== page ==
FOM: social construction of mathematics?
Charles Silver
csilver at sophia.smith.edu
Thu Mar 19 07:18:14 EST 1998
I don't mean by writing what I do below that I fully agree with
everything that Randall Holmes said (though I do like some of his points)
or that I completely disagree with everything that Reuben Hersh said (I
like some of his points too). But, I want to call attention to one point
that Hersh made:
Reuben Hersh:
> The view that mathematics is a social construction comes,
> on the contrary, from (1) being a mathematician and
> watching what mathematicians say and do (2) rejecting
> the other possibilities, that it is a transcendental
> immaterial "reality" (Platonism) or a mental process
> (Brouwer) or meaningless formal calculations (formalism.)
Let's dispense with (1), because it could mean that you've been
around longer than Holmes and therefore you know what math is better than
he does, which I'm sure you do not intend. (2) is the important one to
me. It suggests that you are reluctant to fiddle with positions and to
offer your own original insights in a way that would create a completely
new philosophy of mathematics. As I recall, you said something to the
effect that you found the view you were looking for in the article by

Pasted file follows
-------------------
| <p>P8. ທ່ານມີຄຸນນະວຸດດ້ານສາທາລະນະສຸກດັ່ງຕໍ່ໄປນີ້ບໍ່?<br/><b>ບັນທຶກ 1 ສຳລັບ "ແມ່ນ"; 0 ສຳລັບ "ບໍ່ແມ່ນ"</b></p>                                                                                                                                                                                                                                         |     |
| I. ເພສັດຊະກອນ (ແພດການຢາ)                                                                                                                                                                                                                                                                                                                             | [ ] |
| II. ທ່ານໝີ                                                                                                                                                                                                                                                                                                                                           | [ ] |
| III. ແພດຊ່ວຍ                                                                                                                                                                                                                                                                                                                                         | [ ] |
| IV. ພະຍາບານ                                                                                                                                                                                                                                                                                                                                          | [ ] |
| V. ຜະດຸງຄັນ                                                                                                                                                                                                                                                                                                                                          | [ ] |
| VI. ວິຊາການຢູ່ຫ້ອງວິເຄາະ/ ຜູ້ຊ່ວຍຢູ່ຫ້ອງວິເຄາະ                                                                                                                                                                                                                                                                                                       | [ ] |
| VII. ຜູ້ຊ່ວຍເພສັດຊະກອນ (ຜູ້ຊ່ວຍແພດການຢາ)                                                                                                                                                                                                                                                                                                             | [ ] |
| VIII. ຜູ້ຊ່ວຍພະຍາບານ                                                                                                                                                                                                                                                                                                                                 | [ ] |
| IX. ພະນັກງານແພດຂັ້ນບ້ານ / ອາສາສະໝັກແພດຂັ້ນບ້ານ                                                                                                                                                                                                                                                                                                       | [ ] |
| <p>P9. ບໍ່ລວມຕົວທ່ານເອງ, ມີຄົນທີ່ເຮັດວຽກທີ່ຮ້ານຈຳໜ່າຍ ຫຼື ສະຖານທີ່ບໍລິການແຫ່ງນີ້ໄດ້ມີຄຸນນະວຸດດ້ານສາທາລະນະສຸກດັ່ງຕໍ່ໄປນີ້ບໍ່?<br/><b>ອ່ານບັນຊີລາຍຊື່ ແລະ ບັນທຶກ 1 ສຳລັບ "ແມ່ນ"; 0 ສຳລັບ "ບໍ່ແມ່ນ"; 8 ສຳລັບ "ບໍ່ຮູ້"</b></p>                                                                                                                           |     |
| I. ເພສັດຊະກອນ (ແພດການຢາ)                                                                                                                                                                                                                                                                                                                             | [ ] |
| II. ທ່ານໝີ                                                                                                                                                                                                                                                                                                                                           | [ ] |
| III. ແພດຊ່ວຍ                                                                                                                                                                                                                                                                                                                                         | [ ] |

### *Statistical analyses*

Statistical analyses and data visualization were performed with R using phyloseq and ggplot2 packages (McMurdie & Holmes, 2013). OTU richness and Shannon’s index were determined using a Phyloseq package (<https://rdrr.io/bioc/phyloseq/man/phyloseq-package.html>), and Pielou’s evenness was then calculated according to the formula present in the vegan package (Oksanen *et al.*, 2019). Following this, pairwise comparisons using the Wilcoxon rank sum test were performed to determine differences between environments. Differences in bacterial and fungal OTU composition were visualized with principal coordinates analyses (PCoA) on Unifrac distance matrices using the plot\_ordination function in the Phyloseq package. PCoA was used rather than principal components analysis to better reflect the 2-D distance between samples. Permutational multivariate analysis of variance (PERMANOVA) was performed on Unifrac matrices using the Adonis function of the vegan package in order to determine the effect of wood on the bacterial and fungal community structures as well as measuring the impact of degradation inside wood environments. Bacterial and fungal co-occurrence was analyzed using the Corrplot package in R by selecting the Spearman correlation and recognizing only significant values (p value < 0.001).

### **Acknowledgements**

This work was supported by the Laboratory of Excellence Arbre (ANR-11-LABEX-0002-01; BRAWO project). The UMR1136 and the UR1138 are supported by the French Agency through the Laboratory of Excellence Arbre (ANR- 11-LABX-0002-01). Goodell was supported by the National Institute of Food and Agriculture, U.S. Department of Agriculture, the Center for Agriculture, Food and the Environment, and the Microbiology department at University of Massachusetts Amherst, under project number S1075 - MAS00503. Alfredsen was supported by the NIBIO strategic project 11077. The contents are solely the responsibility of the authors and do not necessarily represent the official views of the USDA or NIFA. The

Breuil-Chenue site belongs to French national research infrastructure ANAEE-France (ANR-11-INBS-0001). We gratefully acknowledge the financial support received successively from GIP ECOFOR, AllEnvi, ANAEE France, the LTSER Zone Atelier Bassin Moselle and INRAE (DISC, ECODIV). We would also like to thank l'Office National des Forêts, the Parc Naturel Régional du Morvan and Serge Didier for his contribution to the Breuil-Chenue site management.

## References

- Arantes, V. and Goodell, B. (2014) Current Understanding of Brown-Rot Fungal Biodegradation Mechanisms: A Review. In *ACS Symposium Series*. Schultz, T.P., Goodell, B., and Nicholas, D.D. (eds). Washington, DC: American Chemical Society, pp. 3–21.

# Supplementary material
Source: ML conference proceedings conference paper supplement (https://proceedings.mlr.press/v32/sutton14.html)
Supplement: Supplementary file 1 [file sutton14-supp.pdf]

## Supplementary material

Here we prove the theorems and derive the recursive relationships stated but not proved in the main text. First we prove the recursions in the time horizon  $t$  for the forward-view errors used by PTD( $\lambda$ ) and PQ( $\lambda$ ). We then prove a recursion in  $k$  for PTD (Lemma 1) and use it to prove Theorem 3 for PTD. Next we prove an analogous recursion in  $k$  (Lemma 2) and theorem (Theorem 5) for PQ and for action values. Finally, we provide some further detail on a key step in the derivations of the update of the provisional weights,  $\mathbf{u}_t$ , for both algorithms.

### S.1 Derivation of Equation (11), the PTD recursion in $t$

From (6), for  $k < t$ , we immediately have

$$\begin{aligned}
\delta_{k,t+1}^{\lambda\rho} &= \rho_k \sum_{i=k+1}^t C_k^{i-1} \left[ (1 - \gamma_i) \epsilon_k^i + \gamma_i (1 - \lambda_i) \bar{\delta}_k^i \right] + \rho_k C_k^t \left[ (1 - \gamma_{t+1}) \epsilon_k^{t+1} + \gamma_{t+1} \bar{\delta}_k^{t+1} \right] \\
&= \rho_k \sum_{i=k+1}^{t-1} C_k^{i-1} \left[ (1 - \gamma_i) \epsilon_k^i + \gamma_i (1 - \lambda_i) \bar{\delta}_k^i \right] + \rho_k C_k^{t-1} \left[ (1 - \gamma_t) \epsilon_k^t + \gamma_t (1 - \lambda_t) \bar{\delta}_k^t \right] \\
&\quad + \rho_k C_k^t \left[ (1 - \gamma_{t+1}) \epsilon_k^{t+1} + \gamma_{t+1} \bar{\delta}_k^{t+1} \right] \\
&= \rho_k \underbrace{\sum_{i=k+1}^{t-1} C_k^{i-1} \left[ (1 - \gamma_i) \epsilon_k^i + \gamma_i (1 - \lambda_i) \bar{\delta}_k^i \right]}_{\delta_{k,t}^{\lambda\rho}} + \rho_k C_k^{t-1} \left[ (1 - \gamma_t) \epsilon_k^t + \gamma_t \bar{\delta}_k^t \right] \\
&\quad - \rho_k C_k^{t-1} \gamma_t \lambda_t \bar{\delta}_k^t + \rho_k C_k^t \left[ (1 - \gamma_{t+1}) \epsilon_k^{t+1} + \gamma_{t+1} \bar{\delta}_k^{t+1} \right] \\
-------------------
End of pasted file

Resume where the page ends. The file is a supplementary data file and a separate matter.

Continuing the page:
White in Newman's _The World of Math._. Do I have that right? Anyway, my
point is that it is not necessarily correct to choose among the
already-available alternatives. As I understand you--please correct me if
I am wrong--you were repulsed by certain views about the nature of math
(particularly Platonism), but you were attracted to the sort of position
advocated by White in his article. I'm not saying I think you were
absolutely wrong to do this, but that position by itself has fundamental
problems too (which I don't think you want to acknowledge). I'm claiming
you should now not just stick with the White choice (or whatever), but use
some ingenuity in fashioning an improved view from the criticisms of it
that you've received. I haven't thought this through, but it seems to me
that you could preserve your anti-Platonic position and still be able to
emphasize the social-cultural aspects of mathematical activity, but not in
the way you presently do (because the way you now do seems to be a kind of
"use-mention confusion"). (A Feferman-like view might be helpful to look
at in concocting your own, though I personally don't like the "only" in
his stated view that mathematical objects are "only in the imagination".)
Charlie Silver
Smith College
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